I promise I am not making this up – ice cream in wine? Independence Day in Chile brings out the devil in many locals involved in mayhem and frivolity, not just for the designated public holiday, but for about a week surrounding Independence Day. The iconic "terremoto" (aka "earthquake") cocktail-of-sorts is a sweet concoction of fermented wine, pineapple ice cream, grenadine syrup, and a dash of pisco.
Typically consumed from glass jars that resemble buckets, it's the drink for all Chilean festivals. There should be a cautionary warning before partaking of what looks like a kid's soda spider drink – especially if you plan on trekking in the Torres del Paine National Park the following day.
Puerto Natales is a humble and quirky port-town on the banks of the Señoret Channel in the Patagonian region of Chile. It's only 75km from the southern entrance of the national park, making it a base for many avid trekkers. It's near the bottom of Chile, where the scenery will leave you in awe, the wildlife enthralls and magical glacial lakes host migrating graceful birds. Beautifully marked black-neck swans elegantly glide the water in flocks. In between sticking their rear-ends in the air as they dive for little unsuspecting fish morsels to gobble.
Right on the Chilean-Argentinian border, Puerto Natales’ remote position makes it one of the most southern cities in Chile – Punta Arenas is a further 247 km south. The spat has been going on forever as to whether the Chilean town of Puerto Williams, the southernmost city in the world, qualifies as a "city" (it only has 2,000 residents). Argentinians will tell you that Ushuaia is the "end of the world."
Such squabbles between Chile and Argentina are rife. Bitch fights happen over who has the best "mate" (herb drink), the best "dulce de leche" (caramel spread), and border disputes over the Beagle Channel. Maybe it's a good thing that the longest mountain range in the world, the Andes Mountains, stands between the two countries.
Puerto Natales is definitely not a town to go shopping in, so don't expect to buy any upmarket designer outfits. It's a town of thick woolen gloves, big boots, heavy coats, and sunglasses for when the glare of the snowy mountains makes your eyes burn. The locals, 15,000 odd, throw off clothes when it reaches 12°C, as this is summer to them, while winters hang around the 2°C mark.
January is the warmest month, and July is when it's time to stay indoors by a wooden fire out of the freezing air. From October to March, the wind will blow you away, as the region sits in the zone between the Roaring Forties and the Furious Fifties. Patagonia gets the brunt of violent westerly gales because warm air crossing from the equator clashes with the cold air coming from Antarctica. There's very little to stop the icy blasts on this vast landscape.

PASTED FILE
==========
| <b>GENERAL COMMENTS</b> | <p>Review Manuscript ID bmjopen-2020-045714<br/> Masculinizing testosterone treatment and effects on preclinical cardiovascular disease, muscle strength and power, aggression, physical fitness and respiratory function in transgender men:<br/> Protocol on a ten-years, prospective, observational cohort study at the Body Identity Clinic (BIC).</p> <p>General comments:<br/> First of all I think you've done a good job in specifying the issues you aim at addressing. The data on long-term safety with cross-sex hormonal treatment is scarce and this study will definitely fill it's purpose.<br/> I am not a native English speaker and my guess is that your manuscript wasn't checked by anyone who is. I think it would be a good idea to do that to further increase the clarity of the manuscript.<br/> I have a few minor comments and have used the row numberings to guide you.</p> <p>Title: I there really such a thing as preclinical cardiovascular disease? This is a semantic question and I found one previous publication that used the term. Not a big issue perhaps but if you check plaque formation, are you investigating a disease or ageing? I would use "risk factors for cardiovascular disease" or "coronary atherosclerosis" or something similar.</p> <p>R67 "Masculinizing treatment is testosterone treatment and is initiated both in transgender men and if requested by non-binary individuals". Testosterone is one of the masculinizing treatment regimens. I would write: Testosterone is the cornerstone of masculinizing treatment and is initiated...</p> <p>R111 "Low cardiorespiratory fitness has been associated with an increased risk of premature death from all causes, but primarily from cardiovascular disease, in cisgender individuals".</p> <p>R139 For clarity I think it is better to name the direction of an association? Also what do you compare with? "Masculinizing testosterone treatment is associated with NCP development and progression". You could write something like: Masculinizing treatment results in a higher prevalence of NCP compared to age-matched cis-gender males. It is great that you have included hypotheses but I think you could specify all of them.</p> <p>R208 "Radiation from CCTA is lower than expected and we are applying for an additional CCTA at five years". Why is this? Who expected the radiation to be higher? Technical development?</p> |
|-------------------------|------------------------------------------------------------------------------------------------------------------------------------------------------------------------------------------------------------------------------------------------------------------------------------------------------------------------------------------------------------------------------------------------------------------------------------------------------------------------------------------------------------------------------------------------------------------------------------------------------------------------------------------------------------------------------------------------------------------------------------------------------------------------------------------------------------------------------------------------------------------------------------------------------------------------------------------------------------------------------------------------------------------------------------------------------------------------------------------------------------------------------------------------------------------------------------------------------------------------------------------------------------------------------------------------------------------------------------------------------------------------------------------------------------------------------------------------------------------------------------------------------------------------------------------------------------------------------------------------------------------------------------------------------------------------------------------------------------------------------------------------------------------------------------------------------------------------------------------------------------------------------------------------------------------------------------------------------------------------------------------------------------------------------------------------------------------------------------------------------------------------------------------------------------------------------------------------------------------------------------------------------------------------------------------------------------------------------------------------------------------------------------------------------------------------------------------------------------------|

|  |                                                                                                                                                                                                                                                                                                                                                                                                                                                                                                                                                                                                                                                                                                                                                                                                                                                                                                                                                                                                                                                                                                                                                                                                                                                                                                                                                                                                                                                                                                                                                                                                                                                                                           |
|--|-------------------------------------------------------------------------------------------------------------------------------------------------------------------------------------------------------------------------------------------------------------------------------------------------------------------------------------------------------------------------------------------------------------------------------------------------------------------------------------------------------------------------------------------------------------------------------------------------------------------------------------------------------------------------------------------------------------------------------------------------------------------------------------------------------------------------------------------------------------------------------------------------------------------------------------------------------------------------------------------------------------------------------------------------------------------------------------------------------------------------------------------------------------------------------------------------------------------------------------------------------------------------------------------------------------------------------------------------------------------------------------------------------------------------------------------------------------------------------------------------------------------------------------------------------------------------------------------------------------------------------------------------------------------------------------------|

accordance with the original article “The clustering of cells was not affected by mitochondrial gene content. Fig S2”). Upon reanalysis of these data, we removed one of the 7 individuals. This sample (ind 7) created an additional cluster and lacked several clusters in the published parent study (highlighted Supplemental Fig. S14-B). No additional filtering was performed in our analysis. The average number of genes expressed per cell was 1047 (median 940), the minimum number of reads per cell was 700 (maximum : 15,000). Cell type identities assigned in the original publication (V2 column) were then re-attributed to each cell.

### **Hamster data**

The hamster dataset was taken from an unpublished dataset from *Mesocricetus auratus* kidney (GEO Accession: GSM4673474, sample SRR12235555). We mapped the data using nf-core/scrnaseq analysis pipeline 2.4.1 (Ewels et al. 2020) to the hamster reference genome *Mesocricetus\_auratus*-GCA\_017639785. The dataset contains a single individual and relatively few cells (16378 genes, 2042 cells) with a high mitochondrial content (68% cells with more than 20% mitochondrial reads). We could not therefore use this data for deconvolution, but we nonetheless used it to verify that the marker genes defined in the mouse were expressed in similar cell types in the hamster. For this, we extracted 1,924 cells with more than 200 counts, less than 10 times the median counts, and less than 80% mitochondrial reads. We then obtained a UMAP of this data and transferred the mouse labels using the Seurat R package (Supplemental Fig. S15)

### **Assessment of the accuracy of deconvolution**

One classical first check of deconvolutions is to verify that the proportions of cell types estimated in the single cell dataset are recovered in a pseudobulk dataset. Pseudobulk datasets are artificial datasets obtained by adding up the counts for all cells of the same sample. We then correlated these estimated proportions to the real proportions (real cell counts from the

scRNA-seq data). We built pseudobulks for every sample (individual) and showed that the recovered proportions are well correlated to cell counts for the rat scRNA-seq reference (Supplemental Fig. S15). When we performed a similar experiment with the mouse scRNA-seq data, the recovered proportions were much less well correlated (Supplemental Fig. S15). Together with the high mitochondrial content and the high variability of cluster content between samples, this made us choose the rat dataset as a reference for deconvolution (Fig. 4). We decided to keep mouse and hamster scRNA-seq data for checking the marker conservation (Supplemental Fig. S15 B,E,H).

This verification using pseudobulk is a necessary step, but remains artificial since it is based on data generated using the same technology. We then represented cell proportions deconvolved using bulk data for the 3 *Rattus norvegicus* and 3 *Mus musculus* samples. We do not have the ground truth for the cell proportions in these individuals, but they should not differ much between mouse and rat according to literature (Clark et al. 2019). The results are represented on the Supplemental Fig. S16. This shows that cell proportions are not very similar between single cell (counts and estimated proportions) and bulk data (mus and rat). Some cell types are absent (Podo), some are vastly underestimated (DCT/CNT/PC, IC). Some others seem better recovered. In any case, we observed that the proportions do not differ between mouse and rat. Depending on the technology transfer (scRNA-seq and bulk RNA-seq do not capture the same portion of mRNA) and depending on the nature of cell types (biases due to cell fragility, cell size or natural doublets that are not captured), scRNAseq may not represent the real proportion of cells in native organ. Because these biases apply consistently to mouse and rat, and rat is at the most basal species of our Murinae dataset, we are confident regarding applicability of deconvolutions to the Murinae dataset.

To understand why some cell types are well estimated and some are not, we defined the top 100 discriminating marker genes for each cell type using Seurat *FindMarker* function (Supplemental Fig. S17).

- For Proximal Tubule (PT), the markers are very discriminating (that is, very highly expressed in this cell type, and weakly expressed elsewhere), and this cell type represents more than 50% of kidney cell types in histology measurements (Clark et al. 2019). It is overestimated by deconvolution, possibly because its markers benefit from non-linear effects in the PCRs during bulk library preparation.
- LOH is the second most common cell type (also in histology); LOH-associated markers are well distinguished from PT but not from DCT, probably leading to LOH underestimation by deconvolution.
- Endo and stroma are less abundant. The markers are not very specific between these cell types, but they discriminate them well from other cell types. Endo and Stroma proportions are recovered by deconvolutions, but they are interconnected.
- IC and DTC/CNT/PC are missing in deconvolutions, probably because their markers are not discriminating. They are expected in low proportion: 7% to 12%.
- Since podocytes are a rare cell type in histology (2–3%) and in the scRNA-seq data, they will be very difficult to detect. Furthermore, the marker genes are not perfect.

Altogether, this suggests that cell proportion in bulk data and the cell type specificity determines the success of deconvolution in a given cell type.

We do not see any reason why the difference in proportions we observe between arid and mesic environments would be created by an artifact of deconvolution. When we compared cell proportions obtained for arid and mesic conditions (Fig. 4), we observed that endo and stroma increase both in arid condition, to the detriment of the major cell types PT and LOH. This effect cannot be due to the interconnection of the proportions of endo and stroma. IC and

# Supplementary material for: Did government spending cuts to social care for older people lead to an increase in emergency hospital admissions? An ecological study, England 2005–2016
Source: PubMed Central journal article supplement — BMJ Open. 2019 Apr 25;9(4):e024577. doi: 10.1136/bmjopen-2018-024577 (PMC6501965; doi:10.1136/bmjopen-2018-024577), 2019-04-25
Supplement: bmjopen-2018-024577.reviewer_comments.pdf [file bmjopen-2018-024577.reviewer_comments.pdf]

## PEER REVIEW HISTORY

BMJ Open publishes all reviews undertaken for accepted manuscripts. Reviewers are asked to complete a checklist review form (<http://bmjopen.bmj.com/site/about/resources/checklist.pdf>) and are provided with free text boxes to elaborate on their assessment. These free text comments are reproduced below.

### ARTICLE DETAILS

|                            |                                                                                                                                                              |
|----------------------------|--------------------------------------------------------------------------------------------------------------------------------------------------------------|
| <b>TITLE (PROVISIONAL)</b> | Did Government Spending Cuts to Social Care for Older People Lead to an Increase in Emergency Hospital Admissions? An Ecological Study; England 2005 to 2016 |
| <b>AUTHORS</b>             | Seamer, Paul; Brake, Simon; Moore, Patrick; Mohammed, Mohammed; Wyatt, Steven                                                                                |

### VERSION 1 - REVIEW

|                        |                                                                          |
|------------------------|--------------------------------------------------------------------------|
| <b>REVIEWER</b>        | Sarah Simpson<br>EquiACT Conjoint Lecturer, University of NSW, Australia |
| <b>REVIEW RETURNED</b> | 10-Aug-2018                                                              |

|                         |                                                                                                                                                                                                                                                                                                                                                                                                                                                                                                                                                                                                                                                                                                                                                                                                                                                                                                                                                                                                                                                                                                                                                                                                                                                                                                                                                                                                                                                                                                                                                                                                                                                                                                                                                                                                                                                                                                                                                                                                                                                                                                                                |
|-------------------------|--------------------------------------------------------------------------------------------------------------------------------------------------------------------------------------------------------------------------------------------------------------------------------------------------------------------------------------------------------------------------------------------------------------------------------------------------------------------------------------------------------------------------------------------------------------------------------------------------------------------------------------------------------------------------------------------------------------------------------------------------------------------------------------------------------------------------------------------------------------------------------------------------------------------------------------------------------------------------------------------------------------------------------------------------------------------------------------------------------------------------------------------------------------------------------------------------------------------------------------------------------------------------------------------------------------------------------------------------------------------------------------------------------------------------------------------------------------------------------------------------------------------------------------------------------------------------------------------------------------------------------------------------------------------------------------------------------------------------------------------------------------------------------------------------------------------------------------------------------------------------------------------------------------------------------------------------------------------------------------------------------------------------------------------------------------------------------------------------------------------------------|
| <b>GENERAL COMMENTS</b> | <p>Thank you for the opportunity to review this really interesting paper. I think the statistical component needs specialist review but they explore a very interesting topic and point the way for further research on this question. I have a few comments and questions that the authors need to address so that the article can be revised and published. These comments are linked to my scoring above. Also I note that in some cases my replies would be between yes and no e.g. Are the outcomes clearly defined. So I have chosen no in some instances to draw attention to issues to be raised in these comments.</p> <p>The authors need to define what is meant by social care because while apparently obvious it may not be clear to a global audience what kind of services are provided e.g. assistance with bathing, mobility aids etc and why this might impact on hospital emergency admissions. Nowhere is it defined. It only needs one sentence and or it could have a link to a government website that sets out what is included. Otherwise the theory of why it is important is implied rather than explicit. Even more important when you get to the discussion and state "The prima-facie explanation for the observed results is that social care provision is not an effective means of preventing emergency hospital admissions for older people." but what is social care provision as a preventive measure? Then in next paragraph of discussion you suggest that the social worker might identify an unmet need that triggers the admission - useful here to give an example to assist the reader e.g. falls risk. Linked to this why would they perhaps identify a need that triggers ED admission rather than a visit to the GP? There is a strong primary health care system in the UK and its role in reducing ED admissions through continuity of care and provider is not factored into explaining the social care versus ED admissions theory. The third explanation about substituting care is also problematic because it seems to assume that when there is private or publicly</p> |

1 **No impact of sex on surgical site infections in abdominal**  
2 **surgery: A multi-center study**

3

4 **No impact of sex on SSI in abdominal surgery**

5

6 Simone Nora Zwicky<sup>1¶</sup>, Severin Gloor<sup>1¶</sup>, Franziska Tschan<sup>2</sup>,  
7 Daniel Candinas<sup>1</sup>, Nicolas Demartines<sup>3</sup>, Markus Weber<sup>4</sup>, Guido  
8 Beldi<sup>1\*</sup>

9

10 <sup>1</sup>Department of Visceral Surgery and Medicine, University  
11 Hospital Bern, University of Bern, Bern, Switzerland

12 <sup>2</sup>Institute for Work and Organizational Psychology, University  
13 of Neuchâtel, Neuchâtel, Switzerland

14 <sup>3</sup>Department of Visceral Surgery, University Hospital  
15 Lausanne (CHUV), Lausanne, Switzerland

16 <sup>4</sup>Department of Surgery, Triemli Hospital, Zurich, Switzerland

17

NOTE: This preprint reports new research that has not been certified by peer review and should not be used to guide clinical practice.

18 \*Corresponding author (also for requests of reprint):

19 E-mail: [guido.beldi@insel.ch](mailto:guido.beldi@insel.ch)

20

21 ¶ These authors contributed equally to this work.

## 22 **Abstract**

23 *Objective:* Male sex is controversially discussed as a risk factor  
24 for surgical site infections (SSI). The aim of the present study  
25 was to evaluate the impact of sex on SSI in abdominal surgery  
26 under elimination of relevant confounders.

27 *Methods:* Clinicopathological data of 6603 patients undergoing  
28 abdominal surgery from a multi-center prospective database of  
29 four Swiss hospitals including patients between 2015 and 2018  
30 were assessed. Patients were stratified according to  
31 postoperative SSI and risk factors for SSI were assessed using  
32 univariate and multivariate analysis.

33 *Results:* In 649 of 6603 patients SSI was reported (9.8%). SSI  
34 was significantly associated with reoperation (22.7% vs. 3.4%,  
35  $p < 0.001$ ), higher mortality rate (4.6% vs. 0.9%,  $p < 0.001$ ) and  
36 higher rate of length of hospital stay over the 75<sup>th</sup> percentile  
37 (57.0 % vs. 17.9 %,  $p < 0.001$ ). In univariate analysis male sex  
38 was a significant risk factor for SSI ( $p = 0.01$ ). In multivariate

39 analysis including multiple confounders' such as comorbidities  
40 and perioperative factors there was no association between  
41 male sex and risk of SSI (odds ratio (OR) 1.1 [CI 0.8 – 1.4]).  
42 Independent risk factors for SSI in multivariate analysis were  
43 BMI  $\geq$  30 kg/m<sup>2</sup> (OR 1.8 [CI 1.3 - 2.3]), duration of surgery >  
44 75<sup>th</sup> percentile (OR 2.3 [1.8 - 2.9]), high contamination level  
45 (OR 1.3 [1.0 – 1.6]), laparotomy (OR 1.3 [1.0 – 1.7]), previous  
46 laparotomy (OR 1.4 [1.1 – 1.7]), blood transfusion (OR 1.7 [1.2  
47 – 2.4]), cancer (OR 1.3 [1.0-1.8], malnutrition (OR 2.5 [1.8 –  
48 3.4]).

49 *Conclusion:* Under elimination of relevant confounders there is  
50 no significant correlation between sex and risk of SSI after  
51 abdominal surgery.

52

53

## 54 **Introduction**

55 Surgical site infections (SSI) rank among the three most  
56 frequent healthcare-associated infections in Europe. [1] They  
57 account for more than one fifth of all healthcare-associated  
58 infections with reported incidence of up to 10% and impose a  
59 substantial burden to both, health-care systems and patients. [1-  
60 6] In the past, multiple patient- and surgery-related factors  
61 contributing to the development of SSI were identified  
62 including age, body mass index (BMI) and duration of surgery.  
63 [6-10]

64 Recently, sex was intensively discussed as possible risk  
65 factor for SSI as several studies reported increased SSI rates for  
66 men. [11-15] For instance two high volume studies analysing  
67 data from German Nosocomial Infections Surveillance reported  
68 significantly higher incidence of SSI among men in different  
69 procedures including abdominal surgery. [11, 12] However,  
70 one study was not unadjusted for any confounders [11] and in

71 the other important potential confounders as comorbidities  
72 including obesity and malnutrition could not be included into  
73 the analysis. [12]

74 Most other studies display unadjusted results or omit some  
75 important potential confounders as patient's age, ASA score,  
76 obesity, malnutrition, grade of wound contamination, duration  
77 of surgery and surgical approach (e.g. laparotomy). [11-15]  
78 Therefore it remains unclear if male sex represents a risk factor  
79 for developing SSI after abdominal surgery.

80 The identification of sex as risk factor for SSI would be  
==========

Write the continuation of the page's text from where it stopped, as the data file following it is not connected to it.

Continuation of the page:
The Puerto Natales Port is home to numerous commercial boat operations that ply the Patagonian fjords. For such a small town, there's a wealth of upmarket contemporary restaurants and luxury accommodation, either in town or out in the wilds of the National Park.
Walking along the foreshore puts you into a picture-postcard moment of snow-capped Chilean mountains across the water. Opaque pink sunsets shimmer on the channel where the black and white swans can be found, plus an abundance of seagulls, condors, and cormorants sharing the sky.
A massive sculpture of fingers rises out of the boardwalk, "Monumento de la Mano," and a colossal statue of a bear-like creature greets visitors as you enter the town. To the north of Puerto Natales is the vast Mylodon Cave, once inhabited by sloth-like creatures known as "mylodons." Skins and fossils were found inside this somewhat creepy cave that belonged to the sloth creatures. Weighing over 900kgm and standing on hind legs, up to 3mts high, they became extinct approximately 5,000 years ago.
Chile Independence Day was an eye-opener when the army marched in what can only be called Nazi-inspired uniforms. Music was played, and traditional gauchos rode into town on horses. A market/fair was set up in the main square where locals indulged in firing up their asados (barbecues) to chargrill chunks of lamb and to knock back shocking pink terremotos. Empanadas were snacked upon, as well as "sopaipillas" – deep-fried pumpkin dough slathered in spicy hot sauce and guacamole.
You can hire a bike and ride around the streets that are decked out in corrugated tin houses perched side-by-side. Streets are splashed with local art of the indigenous population in a grand narrative of what their lives were like. The town is built around tourism, while its countryside overflows with estancias (cattle and sheep ranches).
Puerto Natales is known as the "gateway to adventure" in the Patagonian wilderness.